Opportunity at National Institute of Standards and Technology (NIST)
Advancing State-of-the-Art Material Phase and Crystallographic Texture Characterization
Material Measurement Laboratory, Materials Science and Engineering Division
Please note: This Agency only participates in the February and August reviews.
While phase structure and texture have been measureable quantities since the early 1900s, we still have very little idea how accurate or precise these measurements are.
Manufacturers are currently designing and creating alloys that have multiple phases present. Examples such as advanced high strength steels (AHSS) like as dual phase (DP), transformation induced plasticity (TRIP), quenched & partitioned (Q&P), and complex phase (CP) steels, as well as precipitation hardened aluminum alloys require accurate measurements of the amount of each phase in the material, as well as how the phase fractions evolve during processing and deformation.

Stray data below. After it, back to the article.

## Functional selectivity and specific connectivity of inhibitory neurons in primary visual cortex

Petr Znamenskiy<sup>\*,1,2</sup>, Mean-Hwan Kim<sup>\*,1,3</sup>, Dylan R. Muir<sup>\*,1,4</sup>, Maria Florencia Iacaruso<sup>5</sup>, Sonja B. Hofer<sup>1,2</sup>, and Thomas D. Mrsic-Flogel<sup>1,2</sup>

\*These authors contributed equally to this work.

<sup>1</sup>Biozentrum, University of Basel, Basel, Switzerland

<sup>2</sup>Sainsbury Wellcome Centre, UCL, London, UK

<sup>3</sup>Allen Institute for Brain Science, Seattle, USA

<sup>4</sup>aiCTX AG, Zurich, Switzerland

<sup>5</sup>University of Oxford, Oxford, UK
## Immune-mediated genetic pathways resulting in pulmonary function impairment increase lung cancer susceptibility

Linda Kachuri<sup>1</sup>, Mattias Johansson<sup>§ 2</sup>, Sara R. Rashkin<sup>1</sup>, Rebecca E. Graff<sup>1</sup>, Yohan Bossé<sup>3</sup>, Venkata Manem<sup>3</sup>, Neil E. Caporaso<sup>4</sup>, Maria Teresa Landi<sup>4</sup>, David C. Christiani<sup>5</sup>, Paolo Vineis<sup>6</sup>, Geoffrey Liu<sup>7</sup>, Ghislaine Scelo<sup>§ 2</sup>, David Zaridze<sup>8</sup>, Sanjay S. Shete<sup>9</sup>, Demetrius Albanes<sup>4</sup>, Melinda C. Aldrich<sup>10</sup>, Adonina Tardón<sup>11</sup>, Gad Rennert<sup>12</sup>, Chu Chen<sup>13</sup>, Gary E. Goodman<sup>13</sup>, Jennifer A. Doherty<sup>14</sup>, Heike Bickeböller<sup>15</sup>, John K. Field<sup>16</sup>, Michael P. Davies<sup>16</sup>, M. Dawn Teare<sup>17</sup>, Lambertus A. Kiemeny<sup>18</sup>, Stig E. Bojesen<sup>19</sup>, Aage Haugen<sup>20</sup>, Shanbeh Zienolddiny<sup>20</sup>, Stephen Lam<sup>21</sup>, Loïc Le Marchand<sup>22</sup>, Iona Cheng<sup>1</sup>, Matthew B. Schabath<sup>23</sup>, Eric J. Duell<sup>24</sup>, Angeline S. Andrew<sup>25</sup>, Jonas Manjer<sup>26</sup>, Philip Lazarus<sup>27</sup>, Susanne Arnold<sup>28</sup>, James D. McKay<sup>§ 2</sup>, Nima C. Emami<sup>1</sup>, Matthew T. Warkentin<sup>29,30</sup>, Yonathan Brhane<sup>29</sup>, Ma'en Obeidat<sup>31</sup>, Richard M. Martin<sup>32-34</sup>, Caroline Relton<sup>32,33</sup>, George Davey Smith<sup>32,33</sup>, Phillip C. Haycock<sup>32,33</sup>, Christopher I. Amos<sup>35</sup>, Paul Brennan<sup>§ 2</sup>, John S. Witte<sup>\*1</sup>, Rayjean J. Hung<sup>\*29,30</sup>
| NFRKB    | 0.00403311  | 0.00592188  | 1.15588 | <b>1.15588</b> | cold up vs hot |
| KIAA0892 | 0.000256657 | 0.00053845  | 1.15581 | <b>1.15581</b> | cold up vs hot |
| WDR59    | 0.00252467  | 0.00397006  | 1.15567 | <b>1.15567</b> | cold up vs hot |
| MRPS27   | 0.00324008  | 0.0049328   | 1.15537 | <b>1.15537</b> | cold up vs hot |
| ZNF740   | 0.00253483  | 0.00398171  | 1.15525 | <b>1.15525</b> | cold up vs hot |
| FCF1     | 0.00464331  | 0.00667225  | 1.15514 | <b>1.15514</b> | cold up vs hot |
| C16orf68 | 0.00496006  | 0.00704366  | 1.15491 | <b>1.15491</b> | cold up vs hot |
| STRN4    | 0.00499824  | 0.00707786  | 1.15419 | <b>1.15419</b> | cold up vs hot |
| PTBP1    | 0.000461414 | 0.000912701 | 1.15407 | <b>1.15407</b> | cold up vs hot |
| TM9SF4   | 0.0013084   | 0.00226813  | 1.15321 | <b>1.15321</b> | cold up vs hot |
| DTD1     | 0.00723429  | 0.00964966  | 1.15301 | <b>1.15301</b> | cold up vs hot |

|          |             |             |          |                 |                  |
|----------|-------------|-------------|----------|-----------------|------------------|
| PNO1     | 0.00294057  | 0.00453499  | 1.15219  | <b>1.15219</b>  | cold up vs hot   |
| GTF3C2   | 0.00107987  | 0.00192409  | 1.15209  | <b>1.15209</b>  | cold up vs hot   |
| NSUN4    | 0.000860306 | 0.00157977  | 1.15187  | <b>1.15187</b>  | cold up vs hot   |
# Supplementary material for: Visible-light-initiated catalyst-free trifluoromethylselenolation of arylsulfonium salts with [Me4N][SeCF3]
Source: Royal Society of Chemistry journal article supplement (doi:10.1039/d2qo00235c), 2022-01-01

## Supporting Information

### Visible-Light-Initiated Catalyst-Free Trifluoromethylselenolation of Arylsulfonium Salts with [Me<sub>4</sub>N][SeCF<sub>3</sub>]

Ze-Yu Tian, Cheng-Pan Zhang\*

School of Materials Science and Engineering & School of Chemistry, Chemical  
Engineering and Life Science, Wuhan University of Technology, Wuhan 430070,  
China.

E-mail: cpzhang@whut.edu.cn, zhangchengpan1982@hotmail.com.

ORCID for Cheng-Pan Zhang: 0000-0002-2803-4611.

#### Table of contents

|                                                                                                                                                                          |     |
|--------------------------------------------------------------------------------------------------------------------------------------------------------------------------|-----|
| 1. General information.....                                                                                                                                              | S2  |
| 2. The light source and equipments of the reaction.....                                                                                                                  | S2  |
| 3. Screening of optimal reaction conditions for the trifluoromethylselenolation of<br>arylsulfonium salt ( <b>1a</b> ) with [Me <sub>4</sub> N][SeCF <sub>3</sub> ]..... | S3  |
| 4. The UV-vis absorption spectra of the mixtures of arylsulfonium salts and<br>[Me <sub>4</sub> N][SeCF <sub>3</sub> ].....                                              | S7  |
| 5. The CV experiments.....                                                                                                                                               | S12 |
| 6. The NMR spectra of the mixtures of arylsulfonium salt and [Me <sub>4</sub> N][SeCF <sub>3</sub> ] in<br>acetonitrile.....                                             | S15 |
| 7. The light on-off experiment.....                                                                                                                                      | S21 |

Similarly, the grain orientations in most engineering materials have some preferential distribution due to processing conditions and deformation history, referred to as crystallographic texture. This texture affects the initial material properties and evolves as a function of deformation. Accurate measurement of the crystallographic texture is the key to understanding how the material will respond during forming of parts for automotive, aerospace, or other industrial applications.
While there are a number of techniques used to measure phase fraction or crystallographic texture, the accuracy and precision is not well quantified, leading to significant differences between methods. NIST has world-class facilities in neutron, magnetic, X-ray, and electron techniques to investigate these methods; compare between different methods; and provide improved techniques and/or methods. We work heavily with industrial and academic partners to improve these measurements.
Crystallographic texture; Phase fraction; Electron backscatter diffraction (EBSD); Neutron diffraction; X-ray diffraction (XRD); Steel; Automotive lightweighting; Retained austenite; Automotive manufacturing;
Open to U.S. citizens
Open to Postdoctoral applicants